In Sophocles' great play, the protagonist was a man of considerable ability. He had a noble soul -- exiling himself from his father's home, lest he fulfill the Delphic Oracle's dire prophesy that he would kill ol' dad and marry his mother. He was a warrior of some note, having slain a whole group of presumed highwaymen out on a lonesome road. And he was pretty smart ? the only guy who could solve the Sphinx's riddle*, and thus free a kingdom from an awful plague. The grateful populace and its queen rewarded him with the kingdom's throne ? which happened to have a recent vacancy.
The future seemed bright for Oedipus. Uh-oh.
The Athletics' season was like that. There were rather humble beginnings based on a mediocre treasury, and chosen by few prognosticators to three-peat as Division champions. Most sports writers, you see, are human beings ? and most members of our species are front-runners (which is why there are so many Giants fans). The conventional wisdom always holds that the money ? usually expressed in the forms of the Hated Yankees and Sawx, must surely prevail. Anything else is an aberration to be explained-away as an outlier on the bell-curve of outcomes.
The problem is that, while a bell-curve it may be, baseball has a huge random factor ? a lucky swing here, an errant or brilliant throw from deep left field, umpiring more out of ego than accuracy, or any of a hundred other things. Thus, it is a very flat bell-curve. Even 162 regular-season iterations don't do much to amplify its middle. Where are the Yankees and Sawx ? and their nearly $half-billion in payroll, today?
Whether you call it statistical variation or the caprice of a sadistic deity, that great leveling factor is one of the reasons that baseball is a metaphor for life itself. Some folks try to insulate themselves against its cruelty by amassing great fortunes, right Yankees and Sawx? Some bet on the future. Others don't even seem to try. The A's, and their Oedipus, rely on their wits to try to stay 'ahead of the game.' But when the Baseball Oracle decides something, mere mortals are powerless against the forces of inevitability.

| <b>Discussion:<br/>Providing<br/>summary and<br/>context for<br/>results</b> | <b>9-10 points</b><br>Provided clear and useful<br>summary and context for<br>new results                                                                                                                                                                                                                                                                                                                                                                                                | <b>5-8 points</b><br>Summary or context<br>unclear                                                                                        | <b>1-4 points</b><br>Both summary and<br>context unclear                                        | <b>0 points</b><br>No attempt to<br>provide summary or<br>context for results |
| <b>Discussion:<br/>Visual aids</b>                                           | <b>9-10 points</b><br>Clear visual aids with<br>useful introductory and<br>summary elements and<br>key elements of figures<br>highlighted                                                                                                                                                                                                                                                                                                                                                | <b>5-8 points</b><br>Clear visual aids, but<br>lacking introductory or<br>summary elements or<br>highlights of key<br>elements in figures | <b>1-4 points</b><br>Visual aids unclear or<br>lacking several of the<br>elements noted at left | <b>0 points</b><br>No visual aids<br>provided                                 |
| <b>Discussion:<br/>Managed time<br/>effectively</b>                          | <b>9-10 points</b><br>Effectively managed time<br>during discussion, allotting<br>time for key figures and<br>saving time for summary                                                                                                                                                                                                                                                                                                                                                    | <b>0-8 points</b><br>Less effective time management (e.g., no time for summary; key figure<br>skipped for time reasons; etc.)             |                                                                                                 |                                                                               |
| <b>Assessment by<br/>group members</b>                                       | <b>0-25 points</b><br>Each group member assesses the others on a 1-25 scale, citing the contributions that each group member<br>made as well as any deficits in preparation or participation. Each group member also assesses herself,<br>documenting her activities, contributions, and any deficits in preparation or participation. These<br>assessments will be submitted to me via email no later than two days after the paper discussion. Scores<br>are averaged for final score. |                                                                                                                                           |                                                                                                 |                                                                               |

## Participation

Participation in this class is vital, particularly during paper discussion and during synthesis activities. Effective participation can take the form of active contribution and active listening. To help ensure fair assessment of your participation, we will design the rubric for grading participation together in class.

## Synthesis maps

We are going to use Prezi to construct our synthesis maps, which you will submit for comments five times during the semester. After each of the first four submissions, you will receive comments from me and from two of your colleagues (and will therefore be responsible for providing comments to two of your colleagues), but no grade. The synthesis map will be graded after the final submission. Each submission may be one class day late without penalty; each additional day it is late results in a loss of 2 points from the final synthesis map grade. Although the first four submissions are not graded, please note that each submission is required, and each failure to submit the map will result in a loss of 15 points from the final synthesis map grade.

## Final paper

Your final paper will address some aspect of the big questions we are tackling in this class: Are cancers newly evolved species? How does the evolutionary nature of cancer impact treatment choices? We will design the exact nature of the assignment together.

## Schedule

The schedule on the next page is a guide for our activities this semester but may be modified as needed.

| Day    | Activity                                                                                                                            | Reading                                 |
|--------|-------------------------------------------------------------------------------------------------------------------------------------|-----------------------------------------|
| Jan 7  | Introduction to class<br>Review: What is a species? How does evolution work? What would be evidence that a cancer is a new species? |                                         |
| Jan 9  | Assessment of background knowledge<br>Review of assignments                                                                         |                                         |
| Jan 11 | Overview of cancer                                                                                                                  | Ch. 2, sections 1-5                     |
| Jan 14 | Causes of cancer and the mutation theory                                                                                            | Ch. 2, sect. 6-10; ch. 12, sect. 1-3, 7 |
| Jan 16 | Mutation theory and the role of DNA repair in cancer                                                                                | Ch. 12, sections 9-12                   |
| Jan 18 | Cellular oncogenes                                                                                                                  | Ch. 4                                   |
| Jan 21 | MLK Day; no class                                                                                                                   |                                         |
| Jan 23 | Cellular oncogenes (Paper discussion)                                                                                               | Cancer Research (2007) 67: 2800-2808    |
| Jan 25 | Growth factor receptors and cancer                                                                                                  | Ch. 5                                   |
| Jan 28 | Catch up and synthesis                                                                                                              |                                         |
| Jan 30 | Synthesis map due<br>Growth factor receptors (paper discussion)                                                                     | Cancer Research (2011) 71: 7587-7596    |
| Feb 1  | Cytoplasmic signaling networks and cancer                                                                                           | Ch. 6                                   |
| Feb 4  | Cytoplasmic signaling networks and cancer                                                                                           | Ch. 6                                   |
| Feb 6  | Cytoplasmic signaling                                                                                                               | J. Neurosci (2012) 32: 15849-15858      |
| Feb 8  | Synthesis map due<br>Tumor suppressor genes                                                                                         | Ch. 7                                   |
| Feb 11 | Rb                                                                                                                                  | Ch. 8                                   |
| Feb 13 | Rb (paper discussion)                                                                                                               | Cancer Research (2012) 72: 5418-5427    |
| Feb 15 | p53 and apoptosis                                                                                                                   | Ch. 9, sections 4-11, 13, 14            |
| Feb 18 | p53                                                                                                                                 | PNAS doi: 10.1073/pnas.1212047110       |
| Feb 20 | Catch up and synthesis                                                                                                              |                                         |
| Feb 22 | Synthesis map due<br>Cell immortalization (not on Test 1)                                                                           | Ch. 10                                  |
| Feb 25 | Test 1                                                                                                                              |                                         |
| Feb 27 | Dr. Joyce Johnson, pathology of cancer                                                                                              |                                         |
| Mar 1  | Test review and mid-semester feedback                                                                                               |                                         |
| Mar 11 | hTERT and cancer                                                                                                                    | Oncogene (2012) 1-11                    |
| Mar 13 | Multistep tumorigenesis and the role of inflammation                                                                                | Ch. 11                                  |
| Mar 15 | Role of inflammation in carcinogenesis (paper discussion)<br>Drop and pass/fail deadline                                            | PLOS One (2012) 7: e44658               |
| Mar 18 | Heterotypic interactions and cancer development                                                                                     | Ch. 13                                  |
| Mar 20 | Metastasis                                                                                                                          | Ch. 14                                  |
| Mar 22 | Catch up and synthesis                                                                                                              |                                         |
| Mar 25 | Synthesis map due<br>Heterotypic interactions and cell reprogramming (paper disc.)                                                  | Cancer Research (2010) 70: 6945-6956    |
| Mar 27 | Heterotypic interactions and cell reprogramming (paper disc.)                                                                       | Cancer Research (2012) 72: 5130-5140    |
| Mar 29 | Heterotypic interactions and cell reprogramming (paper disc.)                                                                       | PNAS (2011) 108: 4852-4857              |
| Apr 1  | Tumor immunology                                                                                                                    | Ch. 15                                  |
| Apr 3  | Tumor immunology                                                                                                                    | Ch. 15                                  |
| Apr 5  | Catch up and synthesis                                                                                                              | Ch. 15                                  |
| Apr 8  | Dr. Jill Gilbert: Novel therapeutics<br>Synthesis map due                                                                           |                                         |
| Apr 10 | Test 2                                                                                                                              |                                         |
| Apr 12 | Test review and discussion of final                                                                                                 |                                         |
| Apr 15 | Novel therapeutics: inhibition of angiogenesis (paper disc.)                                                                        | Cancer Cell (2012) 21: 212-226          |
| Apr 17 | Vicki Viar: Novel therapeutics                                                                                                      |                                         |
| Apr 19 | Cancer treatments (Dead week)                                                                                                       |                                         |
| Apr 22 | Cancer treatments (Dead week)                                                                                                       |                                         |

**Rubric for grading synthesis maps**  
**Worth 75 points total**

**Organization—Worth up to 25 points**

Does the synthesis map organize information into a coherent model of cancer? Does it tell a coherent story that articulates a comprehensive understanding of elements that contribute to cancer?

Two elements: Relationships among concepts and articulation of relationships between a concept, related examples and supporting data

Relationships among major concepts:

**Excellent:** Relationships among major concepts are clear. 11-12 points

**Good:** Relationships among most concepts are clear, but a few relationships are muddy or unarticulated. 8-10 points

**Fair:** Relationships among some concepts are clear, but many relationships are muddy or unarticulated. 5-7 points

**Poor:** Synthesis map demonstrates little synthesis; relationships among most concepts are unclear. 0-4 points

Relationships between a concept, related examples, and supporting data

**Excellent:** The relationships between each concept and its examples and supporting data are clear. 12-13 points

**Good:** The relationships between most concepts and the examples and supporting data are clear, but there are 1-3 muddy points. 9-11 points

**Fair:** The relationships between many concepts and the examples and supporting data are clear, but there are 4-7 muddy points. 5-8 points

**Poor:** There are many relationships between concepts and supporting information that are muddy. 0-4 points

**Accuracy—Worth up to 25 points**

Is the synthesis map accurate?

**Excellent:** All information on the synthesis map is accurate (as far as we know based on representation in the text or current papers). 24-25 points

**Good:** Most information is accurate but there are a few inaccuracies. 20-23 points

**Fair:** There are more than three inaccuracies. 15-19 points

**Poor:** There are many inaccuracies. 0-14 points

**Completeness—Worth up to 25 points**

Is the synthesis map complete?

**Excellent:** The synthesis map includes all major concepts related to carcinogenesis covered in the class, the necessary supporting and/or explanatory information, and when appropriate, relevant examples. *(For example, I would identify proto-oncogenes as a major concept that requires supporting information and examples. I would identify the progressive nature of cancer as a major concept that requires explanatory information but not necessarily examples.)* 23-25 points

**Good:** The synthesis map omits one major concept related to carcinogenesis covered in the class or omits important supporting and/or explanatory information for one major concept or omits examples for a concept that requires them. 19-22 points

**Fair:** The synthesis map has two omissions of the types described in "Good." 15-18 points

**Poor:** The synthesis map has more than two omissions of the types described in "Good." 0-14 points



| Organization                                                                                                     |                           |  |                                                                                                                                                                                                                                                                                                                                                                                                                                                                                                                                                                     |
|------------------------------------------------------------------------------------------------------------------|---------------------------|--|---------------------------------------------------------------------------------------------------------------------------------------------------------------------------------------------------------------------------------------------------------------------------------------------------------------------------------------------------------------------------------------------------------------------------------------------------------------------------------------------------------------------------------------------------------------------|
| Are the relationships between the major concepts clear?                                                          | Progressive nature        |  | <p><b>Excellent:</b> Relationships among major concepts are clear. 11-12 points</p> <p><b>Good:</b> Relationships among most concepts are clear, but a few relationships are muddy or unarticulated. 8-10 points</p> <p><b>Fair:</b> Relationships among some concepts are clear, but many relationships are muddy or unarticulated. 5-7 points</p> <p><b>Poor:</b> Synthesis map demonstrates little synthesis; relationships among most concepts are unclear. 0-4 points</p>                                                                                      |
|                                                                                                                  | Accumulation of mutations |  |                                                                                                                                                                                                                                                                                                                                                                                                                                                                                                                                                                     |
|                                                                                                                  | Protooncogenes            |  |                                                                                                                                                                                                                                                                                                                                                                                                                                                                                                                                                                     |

2014 is the ideal case in-point. In the season's first half, despite an injury-depleted rotation, our heroes succeeded mightily. They didn't just win (baby); they amassed a run-differential stat that more than doubled that of their next closest competitors, much less the rest of the league (In a game in which an outstanding season is defined as winning 6 games out of every ten, that run-diff ought to be only slightly positive). Fill-ins like gutsy Jesse Chavez, and newbies like Drew Pomerantz, daily mowed through the opposition like infield groundskeepers. Not only did Jesse disappear when he turned sideways, so did his fastball.
The Greek chorus all but proclaimed the season over ? with one great team, our A's as assembled by the young King Beane, and then everybody else (e.g., Schoenfield of ESPN was particularly smitten).
The future was bright for the A's. Uh-oh.
Apparently, the baseball gods noticed. The decline actually began before the All-Star break, although fans really didn't see it. Margins were narrowing. Players who had been batting 30-40 points above expectation (Coco, Norris, Moss) began to regress toward their means, and the pitchers were tiring early. Few others noted the decline, but our latter-day Oedipus did.